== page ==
Litigation vs. Collaborative Divorce Proceedings
Traditional divorce litigation follows an adversarial path through the court system. Spouses battle over positions instead of communicating interests. Proceedings typically involve:
- Filing complaints/motions with the court
- Extensive delays waiting for court dates
- Draining depositions and discovery
- Public court hearings
- Trial before a judge for unresolved issues
In contrast, collaborative divorce procedures focus on constructive, private settlement conversations. Meetings involve:
- Identifying shared and individual goals
- Generating settlement options for negotiation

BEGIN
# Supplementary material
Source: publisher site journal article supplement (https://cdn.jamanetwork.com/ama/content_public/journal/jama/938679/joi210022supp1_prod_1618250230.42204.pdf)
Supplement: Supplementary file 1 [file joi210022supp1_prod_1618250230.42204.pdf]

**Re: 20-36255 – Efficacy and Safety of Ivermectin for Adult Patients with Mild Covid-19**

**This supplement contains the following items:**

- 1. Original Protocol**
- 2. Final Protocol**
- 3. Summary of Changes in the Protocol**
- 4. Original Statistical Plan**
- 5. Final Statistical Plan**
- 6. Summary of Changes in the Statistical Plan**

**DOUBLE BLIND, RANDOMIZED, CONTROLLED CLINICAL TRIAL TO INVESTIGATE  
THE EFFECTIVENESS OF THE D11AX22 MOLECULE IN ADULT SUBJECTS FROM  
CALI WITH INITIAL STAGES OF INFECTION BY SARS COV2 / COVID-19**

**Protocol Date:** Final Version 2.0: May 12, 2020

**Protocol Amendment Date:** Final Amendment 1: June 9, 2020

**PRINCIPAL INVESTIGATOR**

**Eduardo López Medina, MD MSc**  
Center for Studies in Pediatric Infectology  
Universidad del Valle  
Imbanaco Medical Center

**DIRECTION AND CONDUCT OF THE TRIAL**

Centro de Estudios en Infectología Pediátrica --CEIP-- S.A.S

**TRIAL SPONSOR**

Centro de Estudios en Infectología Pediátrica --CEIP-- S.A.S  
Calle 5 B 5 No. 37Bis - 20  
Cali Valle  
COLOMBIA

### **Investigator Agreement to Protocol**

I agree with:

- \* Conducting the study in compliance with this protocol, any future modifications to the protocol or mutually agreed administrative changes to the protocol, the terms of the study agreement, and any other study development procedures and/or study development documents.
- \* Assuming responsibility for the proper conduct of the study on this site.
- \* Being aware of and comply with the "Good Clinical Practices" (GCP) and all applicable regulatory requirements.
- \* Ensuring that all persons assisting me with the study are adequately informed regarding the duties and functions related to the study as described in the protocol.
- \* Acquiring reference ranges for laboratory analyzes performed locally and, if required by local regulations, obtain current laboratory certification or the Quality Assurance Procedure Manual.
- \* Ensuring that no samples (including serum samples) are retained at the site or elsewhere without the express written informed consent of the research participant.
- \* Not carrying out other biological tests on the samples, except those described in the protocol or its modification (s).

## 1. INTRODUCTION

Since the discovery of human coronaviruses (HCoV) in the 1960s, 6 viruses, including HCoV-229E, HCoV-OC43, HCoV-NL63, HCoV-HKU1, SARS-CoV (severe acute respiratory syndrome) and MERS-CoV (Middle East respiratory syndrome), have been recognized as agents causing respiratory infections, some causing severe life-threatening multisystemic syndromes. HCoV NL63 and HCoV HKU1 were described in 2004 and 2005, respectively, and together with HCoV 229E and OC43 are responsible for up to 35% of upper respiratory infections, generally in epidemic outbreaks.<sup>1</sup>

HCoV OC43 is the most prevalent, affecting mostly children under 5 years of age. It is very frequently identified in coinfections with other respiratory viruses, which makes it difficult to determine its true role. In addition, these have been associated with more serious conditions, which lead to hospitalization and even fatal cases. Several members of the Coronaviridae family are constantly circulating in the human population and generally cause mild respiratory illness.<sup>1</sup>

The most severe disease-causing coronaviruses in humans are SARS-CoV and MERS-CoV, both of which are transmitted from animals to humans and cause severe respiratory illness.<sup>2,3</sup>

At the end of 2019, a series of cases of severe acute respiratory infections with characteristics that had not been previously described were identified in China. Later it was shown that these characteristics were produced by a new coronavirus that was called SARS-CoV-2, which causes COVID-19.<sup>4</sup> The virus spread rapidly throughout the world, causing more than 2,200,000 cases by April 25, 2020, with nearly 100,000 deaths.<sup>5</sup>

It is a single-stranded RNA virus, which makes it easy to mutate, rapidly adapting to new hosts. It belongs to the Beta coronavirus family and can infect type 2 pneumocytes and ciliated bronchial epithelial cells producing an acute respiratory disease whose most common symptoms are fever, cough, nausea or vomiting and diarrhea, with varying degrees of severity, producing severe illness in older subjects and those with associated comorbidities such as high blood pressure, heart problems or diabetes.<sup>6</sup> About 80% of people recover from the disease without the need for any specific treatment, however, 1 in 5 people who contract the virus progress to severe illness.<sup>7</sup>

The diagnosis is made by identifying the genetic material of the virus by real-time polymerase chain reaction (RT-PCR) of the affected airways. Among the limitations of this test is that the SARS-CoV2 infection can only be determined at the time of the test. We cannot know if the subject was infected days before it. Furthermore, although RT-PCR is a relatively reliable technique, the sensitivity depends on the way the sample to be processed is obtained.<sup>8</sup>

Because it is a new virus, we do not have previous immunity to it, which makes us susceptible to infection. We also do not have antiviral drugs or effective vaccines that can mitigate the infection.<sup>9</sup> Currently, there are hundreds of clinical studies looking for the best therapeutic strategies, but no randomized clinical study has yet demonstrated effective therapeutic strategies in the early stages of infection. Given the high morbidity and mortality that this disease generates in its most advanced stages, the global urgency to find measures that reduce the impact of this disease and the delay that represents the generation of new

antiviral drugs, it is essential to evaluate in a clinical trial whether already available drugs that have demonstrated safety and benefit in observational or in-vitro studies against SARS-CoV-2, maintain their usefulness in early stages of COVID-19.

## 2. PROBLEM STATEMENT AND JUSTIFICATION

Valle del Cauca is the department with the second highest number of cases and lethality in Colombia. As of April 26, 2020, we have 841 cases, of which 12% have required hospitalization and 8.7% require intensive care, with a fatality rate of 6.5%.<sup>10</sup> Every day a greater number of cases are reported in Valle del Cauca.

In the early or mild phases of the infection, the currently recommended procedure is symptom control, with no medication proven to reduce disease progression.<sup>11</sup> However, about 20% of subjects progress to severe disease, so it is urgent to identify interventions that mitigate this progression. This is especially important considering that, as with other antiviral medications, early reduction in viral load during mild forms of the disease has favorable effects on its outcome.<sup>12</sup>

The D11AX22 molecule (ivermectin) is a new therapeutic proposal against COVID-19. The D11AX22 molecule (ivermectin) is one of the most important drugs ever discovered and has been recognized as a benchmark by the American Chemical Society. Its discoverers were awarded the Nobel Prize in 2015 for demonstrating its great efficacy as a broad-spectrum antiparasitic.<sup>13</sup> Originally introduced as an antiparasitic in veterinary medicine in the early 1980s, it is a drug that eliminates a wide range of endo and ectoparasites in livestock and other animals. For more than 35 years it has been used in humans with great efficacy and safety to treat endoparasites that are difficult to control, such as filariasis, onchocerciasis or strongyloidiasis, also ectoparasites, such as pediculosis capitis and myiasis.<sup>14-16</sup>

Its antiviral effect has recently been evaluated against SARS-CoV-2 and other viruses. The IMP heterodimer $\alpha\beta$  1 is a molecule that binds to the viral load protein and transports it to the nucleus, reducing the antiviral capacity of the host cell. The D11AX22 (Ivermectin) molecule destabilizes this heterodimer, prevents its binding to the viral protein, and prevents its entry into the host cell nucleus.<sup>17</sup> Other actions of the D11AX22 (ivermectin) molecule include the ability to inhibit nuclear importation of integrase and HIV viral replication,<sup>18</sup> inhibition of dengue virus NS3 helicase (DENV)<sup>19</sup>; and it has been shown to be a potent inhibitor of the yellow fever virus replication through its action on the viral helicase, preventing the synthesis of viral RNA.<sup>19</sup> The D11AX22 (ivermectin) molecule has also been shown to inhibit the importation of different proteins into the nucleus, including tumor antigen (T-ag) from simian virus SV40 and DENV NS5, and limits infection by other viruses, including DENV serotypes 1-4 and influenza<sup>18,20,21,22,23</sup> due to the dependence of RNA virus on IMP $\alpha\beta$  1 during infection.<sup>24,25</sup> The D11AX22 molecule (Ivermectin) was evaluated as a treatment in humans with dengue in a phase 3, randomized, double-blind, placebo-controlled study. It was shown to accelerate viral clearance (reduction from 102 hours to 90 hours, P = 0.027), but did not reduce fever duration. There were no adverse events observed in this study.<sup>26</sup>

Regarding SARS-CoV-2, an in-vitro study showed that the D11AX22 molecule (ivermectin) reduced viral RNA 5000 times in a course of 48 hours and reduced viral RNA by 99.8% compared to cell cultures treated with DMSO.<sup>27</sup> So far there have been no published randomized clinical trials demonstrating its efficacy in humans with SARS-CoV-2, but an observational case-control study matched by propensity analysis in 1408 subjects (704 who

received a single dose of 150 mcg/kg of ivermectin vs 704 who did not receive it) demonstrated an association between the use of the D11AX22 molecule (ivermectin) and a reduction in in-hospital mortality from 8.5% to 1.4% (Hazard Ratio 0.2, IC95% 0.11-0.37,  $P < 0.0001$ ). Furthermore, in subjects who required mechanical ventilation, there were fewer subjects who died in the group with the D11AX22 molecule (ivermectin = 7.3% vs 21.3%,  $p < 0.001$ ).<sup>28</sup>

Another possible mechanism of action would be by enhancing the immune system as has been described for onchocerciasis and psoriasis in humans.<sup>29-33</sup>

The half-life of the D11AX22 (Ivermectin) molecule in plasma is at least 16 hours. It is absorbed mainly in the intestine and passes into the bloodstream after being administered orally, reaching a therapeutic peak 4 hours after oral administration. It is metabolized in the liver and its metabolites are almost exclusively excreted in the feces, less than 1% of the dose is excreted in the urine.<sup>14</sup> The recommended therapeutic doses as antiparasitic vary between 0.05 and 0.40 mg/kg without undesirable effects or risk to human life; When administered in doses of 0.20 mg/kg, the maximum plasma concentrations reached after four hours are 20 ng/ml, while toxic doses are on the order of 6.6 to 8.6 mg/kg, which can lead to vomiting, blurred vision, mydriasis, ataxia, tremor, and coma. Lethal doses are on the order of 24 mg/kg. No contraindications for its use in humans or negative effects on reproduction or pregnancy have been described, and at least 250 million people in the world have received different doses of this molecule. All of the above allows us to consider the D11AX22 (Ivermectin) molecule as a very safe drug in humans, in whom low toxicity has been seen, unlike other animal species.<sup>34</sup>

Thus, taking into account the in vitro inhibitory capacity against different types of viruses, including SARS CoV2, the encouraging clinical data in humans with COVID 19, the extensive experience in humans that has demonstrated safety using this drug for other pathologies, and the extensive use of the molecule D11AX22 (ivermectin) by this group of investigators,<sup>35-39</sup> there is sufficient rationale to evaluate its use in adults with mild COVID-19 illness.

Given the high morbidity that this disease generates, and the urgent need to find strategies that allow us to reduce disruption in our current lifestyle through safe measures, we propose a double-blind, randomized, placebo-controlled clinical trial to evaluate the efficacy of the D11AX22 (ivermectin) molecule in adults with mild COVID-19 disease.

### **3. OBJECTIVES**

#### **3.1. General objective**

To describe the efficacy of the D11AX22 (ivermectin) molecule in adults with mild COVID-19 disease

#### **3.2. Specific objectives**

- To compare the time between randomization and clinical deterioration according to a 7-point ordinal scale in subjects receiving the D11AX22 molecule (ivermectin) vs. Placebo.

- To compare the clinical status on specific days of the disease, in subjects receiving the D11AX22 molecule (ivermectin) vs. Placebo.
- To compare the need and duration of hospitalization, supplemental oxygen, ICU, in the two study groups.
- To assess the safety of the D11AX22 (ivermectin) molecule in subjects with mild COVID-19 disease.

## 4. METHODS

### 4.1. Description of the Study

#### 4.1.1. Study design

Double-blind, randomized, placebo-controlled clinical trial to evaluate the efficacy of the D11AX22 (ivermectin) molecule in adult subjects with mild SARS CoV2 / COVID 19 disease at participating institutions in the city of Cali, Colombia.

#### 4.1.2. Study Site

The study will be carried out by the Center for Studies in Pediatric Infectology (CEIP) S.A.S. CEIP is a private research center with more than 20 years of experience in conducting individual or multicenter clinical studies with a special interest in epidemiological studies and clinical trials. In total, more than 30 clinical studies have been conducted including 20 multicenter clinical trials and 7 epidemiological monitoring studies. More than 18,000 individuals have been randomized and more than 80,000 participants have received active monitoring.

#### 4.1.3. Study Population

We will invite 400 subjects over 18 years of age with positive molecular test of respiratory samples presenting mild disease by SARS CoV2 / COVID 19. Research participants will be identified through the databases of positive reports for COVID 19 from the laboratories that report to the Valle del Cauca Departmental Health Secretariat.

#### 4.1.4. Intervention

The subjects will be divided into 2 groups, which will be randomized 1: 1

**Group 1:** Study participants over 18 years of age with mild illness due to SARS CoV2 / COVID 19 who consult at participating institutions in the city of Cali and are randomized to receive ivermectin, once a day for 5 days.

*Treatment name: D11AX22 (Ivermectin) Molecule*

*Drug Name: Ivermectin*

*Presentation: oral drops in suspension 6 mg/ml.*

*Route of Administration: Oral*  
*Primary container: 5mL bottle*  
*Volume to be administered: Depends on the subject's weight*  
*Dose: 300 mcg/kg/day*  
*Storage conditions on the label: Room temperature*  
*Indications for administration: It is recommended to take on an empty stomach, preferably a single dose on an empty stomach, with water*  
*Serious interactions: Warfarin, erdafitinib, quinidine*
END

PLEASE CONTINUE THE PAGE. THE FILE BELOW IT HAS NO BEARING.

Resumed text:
- Respectful communication and compromise
- Creating mutual agreement on all issues
- Drafting final decrees for court approval
The collaborative approach circumvents acrimonious court proceedings by maintaining good faith.
Child Custody in Collaborative Divorce
In traditional litigation, judges make final child custody determinations based on arguable input from the parents. Collaborative divorce enables parents to thoughtfully co-create custody agreements tailored to their children’s needs. Considerations include:
- Developing a parenting plan detailing custodial time for each parent
- Determining shared decision-making on matters like education, health, etc.
- Establishing transition schedules and exchange procedures
- Designating how to handle future disputes
- Including terms on issues like relocation or introducing new partners
With guidance from child specialists, parents in collaborative cases take control over what works best for their family versus leaving such vital decisions in the hands of a judge.
FAQs about collaborative divorce:
Q: What is collaborative divorce?